MiSFiT

Microsoft has lost it’s marketing mojo.

Perhaps I should not base this analysis so heavily on their mobile offering, but having just returned from the massive CTIA event and witnessed Gates’ Goombahs slake Microsoft shareholder wealth into oblivion, I’m none too charitable.  Sure, Microsoft continues to milk the desktop cow, and the garner some gaming coin by Xboxing, but the world is rushing toward mobile and Microsoft is nowhere to be found.

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Literally.  Microsoft was so artfully concealed behind the Sybase booth (Sybase for cryin’ out loud) they were all but unlocatable.  It did not help that Microsoft’s booth manager squandered precious vertical real estate, apparently choosing a black funeral shroud for their flying buttress.  The booth itself was the Japanese/Swedish version of death décor — white and hard, modern, lifeless lines.  For an event soaked in the radical, consumer-focused “joy” of being wirelessly wired at all waking hours, Microsoft appeared to be in mourning.

Keep in mind that with the exception of Apple — who deigns to sully their brand via industry participation — CTIA is one of the largest mobile madhouses.  Every vendor attends, and one can shop for cell phones, cell towers and antennas, developer software, and faux jewel cases for handsets.  Even CNBC, the 24X7 business news network, owned a healthy chunk of show-floor real estate and was broadcasting live. For Microsoft to exhibit and make such a sad showing was not a demonstration of calculated error but an admission that Microsoft has lost the mobile market so badly that even their marketing teams — people normally known for being colorful, loud and pushy — were bland, quiet and subservient.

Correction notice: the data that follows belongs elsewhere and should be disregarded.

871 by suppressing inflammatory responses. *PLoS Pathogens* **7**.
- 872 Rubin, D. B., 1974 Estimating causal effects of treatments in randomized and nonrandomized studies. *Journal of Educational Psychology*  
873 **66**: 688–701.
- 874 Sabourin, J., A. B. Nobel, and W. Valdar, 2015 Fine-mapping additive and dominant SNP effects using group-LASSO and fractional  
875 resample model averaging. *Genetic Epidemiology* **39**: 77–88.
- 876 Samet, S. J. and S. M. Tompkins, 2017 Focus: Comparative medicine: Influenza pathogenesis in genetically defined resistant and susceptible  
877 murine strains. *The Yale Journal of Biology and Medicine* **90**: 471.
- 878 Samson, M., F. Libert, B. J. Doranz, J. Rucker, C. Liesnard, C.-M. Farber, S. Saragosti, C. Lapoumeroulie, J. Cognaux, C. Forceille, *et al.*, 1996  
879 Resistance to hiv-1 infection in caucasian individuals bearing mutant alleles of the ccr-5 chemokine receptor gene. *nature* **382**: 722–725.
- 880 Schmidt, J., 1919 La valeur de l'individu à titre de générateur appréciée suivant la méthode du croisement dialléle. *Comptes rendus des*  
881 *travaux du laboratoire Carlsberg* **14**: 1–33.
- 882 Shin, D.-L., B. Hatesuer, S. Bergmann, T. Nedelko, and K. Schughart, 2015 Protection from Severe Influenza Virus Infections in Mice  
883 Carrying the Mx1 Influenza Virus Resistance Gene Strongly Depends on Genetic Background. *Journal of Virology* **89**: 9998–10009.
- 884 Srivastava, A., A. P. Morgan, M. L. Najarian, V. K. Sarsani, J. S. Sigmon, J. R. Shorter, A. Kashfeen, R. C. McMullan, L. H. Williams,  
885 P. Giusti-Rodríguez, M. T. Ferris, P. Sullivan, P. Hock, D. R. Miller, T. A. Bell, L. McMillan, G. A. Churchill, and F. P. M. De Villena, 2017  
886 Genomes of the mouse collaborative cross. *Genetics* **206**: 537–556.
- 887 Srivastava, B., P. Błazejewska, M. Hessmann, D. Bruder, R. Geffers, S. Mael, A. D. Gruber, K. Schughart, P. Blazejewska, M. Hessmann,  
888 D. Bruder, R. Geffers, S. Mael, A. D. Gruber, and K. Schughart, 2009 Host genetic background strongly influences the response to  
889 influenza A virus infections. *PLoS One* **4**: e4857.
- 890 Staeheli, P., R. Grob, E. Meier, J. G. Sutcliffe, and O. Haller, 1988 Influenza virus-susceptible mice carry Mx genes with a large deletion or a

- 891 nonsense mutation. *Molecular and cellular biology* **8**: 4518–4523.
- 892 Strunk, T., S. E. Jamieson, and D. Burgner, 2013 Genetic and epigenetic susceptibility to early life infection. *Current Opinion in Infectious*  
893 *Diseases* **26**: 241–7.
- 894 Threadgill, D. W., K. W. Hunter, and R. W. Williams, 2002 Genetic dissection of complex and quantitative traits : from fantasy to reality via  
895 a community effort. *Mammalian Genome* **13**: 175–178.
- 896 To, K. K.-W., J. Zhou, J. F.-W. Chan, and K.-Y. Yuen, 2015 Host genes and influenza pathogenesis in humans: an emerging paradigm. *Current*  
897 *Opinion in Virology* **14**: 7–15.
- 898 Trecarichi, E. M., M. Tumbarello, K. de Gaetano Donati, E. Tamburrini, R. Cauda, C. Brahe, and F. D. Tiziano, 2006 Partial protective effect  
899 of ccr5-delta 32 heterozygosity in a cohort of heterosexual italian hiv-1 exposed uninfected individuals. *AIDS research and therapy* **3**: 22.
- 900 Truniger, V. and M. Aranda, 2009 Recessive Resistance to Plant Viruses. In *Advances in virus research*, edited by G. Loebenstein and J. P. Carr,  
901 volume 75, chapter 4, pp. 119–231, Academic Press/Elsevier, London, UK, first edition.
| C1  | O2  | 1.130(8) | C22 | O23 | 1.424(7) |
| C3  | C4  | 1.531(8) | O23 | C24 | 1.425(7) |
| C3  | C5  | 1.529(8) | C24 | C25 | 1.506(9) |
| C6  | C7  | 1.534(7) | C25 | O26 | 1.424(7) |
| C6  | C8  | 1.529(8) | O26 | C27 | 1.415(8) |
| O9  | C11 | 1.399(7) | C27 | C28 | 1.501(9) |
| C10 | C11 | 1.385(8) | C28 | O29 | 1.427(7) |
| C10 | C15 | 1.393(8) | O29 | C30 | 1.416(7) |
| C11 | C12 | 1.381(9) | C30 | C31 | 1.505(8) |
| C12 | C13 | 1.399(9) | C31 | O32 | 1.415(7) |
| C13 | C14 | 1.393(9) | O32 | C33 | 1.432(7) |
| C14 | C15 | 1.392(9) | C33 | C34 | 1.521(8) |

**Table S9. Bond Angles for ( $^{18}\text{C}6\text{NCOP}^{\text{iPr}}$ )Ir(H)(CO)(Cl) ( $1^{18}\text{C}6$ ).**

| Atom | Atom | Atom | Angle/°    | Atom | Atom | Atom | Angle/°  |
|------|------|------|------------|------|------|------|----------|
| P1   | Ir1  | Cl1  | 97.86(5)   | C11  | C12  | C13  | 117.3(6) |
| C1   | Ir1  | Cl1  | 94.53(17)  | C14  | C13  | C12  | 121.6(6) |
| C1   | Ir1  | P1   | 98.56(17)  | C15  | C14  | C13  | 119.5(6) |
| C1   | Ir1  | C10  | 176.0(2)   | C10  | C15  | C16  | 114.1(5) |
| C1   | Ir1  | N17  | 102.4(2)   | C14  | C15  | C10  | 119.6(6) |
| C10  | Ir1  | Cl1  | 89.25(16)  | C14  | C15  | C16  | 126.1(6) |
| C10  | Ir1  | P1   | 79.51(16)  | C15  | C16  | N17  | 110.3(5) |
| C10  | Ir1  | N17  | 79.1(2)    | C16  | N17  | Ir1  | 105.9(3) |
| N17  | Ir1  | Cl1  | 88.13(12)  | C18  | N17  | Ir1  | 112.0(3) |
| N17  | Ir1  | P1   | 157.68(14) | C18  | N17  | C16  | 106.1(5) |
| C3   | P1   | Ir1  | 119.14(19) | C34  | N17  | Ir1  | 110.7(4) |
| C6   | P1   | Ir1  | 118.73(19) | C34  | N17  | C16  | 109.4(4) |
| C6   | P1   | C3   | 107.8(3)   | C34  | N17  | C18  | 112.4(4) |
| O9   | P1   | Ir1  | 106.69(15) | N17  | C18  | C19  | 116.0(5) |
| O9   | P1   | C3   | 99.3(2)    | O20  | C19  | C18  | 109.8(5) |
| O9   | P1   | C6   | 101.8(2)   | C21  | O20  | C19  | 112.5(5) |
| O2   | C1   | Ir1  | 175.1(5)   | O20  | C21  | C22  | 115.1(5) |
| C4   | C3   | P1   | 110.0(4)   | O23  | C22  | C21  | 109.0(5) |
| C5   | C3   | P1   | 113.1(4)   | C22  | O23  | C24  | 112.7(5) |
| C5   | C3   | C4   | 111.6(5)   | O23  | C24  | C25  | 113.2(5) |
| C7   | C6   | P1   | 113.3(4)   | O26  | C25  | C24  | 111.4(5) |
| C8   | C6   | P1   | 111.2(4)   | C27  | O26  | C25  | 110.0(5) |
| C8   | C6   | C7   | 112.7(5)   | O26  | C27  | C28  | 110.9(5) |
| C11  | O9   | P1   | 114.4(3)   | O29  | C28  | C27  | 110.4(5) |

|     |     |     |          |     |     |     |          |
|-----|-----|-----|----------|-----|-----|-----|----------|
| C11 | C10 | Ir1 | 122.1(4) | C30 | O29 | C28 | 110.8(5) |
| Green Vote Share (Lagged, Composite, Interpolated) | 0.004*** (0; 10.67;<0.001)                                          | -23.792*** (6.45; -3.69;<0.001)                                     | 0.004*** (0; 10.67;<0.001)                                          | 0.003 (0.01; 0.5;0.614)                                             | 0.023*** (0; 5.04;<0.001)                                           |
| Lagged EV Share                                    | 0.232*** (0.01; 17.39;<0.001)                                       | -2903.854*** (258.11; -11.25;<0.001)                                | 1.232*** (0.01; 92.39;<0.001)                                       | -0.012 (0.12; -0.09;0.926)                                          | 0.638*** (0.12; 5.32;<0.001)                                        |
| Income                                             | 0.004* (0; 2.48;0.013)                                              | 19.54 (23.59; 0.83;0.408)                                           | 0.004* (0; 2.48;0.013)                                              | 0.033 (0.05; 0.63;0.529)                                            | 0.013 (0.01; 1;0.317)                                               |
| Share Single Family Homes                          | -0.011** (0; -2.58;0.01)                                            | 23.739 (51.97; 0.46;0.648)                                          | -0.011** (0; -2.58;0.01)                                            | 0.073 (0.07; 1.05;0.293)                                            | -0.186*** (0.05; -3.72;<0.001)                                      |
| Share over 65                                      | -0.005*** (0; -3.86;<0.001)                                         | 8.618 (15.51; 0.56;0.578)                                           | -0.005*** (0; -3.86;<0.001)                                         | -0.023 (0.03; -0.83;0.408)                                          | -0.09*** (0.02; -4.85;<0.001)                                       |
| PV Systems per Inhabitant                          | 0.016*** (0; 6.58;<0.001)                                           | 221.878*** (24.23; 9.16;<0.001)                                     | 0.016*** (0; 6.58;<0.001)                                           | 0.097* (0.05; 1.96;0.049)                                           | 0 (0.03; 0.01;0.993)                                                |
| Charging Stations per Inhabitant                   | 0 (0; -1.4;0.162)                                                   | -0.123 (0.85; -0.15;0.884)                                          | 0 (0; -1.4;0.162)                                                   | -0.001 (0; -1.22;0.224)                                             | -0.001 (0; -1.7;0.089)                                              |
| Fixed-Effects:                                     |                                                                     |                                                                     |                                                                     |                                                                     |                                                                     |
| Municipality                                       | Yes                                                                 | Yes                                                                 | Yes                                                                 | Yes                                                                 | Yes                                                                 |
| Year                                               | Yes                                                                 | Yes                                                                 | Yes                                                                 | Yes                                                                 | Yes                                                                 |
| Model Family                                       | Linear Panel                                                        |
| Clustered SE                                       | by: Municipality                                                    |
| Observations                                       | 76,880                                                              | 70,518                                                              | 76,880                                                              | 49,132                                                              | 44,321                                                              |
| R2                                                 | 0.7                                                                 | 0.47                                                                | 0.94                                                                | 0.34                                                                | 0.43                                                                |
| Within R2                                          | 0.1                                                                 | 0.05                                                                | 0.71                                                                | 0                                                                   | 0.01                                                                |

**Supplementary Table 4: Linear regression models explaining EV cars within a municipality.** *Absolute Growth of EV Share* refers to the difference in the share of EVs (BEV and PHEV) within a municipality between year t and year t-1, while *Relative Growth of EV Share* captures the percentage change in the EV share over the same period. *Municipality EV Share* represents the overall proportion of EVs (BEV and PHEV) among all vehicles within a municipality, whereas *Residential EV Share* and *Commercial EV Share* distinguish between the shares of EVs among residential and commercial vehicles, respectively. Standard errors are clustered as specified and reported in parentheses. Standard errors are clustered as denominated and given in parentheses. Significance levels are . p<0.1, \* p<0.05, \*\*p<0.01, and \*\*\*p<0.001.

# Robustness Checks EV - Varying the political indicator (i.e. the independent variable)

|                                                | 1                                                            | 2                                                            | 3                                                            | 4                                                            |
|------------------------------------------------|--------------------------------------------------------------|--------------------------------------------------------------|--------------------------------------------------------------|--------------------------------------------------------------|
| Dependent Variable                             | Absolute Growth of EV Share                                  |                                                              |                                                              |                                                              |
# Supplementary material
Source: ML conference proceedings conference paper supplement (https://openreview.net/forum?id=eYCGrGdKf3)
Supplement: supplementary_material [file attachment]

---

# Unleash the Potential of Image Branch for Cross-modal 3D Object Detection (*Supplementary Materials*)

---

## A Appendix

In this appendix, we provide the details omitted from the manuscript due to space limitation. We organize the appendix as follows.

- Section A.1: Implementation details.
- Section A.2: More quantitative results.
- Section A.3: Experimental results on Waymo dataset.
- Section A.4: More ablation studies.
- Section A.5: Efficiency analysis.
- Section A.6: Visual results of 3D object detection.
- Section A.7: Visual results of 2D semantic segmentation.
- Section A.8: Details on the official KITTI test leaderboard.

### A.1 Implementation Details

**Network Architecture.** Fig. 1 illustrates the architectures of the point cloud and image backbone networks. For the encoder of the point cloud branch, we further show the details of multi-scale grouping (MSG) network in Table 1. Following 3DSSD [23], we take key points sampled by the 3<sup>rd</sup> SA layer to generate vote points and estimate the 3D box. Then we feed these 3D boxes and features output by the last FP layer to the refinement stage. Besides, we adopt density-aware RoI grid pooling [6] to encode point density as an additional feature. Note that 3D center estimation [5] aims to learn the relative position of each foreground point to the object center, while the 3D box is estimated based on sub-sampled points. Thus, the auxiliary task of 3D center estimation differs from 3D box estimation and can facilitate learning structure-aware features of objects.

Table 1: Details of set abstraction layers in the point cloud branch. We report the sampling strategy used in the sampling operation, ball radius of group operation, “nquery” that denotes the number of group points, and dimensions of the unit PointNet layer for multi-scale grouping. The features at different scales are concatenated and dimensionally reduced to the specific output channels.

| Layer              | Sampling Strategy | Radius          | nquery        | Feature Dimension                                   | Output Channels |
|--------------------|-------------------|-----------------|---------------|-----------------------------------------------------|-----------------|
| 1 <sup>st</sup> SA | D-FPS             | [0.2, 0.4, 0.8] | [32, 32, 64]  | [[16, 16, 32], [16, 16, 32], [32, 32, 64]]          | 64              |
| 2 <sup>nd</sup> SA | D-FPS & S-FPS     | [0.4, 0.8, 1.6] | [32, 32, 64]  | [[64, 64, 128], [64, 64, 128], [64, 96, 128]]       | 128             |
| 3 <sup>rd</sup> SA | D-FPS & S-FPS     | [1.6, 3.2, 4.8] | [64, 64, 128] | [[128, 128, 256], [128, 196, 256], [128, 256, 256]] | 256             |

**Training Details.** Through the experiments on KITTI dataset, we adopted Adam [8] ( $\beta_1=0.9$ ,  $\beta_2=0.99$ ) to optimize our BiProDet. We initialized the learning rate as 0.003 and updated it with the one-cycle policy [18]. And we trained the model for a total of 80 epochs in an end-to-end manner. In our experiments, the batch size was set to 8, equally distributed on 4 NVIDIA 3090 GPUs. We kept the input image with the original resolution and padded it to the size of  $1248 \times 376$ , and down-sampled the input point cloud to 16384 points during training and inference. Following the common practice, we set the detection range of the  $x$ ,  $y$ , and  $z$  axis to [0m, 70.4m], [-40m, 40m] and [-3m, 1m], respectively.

It was a non-booth, for a non-contender.  Even their new-found partner Nokia did not display a Microsoft logo.

This combined with Apple’s absence accelerated Android’s dominance.  Walk into any handset booth, and the little green android icon was visible.  Talk to handset software vendors and they would say “We support Android, and of course Apple,” as if Apple were an afterthought.  There was even a surreal moment when CNBC’s Michelle Caruso-Cabrera was live on air and in the aisle behind her danced a tiny human wearing a rubber Android costume.

Talk about cost-effective product placement.

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The marketing lesson, such as it is, falls into near cliché. In any market, you have to lead, follow or fail. Microsoft had the chance to lead and didn’t.  They can’t follow because they are a software company and thus compete with Apple and Android.  That left them the option of failure.

The stench of failure now haunts both Microsoft mobile employees and Microsoft Mobile 7 (or whatever the Sam Hell it is called this week).  When I slid into the Microsoft booth, no human asked to help (unlike at HTC, Samsung, Sony, etc). So I played with Windows on cell phones solo, and was mightily unimpressed.  Whereas Apple innovated, and Android echoed Apple innovations without Apple rigidity, Microsoft only phoned it in (much like investors are calling in their sell orders).


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